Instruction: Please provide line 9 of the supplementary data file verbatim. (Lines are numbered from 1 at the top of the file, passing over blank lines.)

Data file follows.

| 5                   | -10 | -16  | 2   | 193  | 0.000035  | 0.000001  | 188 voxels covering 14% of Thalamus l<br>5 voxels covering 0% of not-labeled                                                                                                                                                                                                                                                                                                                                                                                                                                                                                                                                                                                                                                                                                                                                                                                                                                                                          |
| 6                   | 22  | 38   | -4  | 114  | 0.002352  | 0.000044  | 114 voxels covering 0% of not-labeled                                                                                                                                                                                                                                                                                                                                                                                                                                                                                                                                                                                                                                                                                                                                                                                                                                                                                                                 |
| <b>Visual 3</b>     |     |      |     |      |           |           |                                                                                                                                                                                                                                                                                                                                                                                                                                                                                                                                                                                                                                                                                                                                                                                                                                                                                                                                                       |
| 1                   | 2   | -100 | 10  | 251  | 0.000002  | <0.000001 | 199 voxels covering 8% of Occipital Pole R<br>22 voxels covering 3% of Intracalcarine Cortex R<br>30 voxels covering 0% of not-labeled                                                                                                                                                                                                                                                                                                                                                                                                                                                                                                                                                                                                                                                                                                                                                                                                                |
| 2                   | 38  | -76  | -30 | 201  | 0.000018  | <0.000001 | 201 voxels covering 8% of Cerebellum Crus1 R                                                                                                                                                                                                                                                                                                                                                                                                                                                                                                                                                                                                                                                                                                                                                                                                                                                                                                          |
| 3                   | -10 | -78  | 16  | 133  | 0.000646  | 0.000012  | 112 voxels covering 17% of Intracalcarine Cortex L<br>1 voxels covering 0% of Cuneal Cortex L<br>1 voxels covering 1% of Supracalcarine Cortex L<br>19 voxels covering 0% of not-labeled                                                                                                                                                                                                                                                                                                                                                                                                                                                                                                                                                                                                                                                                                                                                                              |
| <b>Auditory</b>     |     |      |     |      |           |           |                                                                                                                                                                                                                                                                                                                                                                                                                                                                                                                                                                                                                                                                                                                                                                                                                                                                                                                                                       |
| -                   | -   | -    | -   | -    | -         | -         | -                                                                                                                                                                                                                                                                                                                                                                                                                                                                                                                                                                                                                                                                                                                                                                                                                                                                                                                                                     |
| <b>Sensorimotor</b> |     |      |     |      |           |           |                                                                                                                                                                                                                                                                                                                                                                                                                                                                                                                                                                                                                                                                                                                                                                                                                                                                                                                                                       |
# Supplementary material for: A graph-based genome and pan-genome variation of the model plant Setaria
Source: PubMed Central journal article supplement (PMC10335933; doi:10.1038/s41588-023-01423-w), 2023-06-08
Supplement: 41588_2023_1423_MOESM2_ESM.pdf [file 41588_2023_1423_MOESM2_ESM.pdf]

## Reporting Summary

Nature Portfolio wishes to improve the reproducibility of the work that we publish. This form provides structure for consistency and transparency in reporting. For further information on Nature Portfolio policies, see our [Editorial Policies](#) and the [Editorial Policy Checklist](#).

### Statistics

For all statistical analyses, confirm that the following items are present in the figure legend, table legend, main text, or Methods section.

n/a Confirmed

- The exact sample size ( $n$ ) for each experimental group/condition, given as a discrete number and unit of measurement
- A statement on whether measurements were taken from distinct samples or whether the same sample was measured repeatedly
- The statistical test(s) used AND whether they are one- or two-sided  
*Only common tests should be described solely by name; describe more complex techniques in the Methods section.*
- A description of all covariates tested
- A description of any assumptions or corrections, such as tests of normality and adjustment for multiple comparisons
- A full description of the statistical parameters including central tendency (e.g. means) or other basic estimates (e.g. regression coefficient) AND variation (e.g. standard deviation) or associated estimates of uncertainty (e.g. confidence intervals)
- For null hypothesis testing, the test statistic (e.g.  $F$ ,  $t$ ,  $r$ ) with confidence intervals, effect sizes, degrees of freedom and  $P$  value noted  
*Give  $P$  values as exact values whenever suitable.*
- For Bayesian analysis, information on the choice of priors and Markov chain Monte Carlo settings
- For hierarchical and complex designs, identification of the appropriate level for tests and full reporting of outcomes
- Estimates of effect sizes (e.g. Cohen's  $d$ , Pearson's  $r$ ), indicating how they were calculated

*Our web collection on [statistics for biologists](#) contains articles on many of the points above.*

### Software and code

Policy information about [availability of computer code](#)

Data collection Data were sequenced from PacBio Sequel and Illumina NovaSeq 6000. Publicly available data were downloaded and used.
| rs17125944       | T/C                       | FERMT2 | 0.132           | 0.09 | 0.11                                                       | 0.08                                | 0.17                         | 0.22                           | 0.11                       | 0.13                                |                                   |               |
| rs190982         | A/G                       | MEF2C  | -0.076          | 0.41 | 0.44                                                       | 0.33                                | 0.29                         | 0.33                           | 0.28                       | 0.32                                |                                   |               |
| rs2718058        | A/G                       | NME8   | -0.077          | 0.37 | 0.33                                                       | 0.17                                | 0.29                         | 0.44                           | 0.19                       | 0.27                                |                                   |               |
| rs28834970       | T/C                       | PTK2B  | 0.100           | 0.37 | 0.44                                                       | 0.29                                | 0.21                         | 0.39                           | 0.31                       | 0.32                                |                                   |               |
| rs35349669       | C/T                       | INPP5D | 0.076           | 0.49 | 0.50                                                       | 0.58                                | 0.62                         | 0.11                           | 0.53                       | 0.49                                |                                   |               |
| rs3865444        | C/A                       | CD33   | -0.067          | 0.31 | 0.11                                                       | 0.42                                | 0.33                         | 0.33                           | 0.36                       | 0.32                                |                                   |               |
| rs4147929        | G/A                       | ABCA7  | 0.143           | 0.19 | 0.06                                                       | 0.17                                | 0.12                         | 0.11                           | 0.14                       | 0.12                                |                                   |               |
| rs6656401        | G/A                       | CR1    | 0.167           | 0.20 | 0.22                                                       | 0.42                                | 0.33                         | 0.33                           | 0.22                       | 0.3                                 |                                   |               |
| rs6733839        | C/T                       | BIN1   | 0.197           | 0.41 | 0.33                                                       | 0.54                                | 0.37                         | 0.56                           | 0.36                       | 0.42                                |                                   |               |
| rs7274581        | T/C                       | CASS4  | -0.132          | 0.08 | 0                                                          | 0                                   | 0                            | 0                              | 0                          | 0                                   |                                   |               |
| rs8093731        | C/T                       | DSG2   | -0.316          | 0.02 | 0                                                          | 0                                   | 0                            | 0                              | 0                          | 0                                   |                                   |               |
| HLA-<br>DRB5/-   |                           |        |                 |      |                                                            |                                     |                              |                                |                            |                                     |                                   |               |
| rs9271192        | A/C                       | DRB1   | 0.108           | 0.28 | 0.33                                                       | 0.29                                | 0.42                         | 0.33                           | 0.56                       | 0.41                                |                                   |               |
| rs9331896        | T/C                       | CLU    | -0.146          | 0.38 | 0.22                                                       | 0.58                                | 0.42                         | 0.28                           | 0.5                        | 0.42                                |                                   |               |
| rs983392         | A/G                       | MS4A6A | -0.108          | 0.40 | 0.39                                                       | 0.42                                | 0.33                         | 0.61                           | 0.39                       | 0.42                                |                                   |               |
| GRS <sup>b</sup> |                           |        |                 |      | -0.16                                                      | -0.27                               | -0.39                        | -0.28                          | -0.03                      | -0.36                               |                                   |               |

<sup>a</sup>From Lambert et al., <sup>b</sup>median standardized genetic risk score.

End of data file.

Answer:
| <b>Sensorimotor</b> |     |      |     |      |           |           |                                                                                                                                                                                                                                                                                                                                                                                                                                                                                                                                                                                                                                                                                                                                                                                                                                                                                                                                                       |